Capitalism at the Crossroads by Stuart L. Hart
Global capitalism stands at a crossroads, facing terrorism, environmental destruction, and an antiglobalization backlash. Today's global companies are at a crossroads, too, searching desperately for new sources of profitable growth. Capitalism at the Crossroads, Second Edition is about solving both of those problems at the same time. With a new foreword by Al Gore, new and updated case studies, and the latest corporate responses to climate change, this book points the way toward a capitalism that's more inclusive, more welcome, and far more successful for both companies and communities worldwide.
Wealth by Stuart E. Lucas
More of us have created more wealth today than ever before. Managing our retirement assets is increasingly our own responsibility, and America is bracing for the largest intergenerational transfer of wealth in history. Written by experienced investment professional Stuart Lucas, Carnation heir and now manager of his family's fortune, Wealth provides the tools and information you need to take charge of your money, so that it and your advisers are working toward achieving your goals. The lessons of this book apply whether you have $100,000 or $100 million, and whether your goal is to safeguard assets to last your lifetime or to create a financial legacy that will continue for generations.
ProfessorDarden School of Business, University of Virginia
Capital Ideas Evolving by Peter L. Bernstein
Few authors capture the attention of the academic set as readily at Peter Bernstein. Like previous works, his latest take on the application of the best ideas—from academic economics and finance to the practices of trading and banking—is a must-read. Books like Bernstein's not only tell us where the rubber meets the road with regard to financial theory-building, but also give us an exhilarating look into the haphazard process by which theory becomes practice. This latest book targets the newer theories of behavioral finance that have been around for a while in some form, but have really hit their stride as of late. With Bernstein, one always has the sense that they're getting an insider's look at the future.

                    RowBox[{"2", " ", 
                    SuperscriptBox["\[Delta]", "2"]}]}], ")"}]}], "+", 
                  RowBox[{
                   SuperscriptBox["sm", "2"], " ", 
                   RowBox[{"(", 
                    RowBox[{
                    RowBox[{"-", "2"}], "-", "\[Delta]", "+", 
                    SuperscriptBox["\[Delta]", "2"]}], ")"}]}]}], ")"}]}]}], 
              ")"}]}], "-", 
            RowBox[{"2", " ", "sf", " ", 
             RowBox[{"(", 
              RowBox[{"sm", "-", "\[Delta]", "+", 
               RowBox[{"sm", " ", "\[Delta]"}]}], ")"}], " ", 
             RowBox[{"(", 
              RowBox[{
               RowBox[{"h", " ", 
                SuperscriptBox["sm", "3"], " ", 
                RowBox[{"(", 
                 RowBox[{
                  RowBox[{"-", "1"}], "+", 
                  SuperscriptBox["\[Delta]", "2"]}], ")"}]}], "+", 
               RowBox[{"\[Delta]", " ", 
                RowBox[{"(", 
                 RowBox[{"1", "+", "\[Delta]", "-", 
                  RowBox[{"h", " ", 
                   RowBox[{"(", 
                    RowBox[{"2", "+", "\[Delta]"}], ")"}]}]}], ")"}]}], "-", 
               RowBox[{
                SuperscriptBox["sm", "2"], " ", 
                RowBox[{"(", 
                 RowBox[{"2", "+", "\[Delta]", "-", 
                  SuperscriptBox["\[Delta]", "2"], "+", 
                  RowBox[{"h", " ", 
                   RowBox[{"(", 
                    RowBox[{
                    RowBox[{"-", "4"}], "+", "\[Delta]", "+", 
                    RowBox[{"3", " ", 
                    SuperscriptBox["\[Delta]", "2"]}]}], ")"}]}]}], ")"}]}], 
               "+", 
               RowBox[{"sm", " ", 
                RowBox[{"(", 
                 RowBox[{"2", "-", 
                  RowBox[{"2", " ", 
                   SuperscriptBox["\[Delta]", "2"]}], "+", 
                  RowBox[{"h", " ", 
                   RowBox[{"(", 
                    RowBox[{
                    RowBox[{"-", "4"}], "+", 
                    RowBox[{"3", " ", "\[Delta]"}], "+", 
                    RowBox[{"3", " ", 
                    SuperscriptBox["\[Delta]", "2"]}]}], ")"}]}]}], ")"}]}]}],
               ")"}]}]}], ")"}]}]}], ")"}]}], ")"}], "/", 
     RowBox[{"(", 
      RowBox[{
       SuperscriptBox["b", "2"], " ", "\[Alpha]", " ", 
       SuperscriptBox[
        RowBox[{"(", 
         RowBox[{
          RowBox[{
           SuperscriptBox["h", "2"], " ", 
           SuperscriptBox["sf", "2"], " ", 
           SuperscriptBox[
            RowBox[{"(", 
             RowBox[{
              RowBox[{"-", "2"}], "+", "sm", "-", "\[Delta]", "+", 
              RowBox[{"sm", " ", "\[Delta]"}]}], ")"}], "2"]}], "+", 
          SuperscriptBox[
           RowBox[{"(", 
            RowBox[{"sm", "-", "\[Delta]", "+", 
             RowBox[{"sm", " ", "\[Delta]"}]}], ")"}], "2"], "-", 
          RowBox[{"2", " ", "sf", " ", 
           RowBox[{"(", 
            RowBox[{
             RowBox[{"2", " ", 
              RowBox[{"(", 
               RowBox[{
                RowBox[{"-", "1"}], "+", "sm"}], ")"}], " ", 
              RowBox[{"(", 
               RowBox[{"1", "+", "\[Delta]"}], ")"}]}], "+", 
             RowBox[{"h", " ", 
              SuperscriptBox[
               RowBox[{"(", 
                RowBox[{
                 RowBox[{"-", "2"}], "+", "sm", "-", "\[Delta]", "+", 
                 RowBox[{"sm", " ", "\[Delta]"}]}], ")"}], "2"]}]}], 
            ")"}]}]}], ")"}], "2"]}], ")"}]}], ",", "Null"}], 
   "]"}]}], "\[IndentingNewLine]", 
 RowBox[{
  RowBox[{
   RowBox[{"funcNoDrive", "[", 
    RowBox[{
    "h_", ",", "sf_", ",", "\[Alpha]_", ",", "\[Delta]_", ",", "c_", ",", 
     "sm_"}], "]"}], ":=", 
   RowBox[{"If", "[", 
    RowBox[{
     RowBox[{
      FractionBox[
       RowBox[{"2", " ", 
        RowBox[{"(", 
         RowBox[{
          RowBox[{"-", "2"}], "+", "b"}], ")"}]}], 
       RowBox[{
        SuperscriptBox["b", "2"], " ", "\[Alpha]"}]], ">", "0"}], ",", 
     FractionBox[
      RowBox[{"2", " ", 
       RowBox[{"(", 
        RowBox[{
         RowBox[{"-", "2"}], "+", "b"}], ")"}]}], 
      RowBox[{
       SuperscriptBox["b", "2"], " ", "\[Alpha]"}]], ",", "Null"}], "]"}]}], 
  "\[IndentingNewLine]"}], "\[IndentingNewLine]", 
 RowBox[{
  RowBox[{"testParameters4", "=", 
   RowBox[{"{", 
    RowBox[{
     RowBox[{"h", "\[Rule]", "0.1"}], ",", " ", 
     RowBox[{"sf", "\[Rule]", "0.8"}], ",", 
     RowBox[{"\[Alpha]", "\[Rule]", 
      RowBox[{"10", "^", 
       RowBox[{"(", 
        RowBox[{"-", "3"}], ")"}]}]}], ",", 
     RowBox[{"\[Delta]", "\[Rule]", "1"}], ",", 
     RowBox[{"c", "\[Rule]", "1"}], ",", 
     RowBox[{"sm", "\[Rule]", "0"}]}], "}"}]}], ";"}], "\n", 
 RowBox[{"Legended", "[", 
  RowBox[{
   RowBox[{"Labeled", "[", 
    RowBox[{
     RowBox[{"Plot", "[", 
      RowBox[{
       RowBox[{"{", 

Mistakes Were Made (But Not by Me): Why We Justify Foolish Beliefs, Bad Decisions, and Hurtful Acts by Carol Tavris and Elliot Aronson
This book should make it to the top of most summer reading lists. It speaks to the forces that keep us repeating harmful mistakes, whether it's an everyday personal issue or an organization-wide problem. The consequences of rationalization and attempts at self-preservation through denial are daunting and can be personally devastating. I'm interested in reading this book for a deeper window into my own behavior, but also for insight into the reasons that corruption persists around the world and vexes so many organizational and individual efforts to fight it.
Global Capitalism: Its Fall and Rise in the Twentieth Century by Jeffry A. Frieden
By the title, it's plain that Jeffry Frieden is recounting 20th century capitalism with an eye toward lessons learned. Though we've heard quite a lot about this subject, we need to hear much more. History humbles academics and policymakers every day, but Frieden is more clever than most. I'm reading this book to help me think about how we might progress to a form of global capitalism that manages the voids in governance and the risks of a world economy that is better but quite different than anyone imagined just a few decades ago. I'm also an economic history buff and can't wait to read a smart academic's take on a century of commercial tumult and change.
The Republic of Pirates: Being the True and Surprising Story of the Caribbean Pirates and the Man Who Brought Them Down by Colin Woodard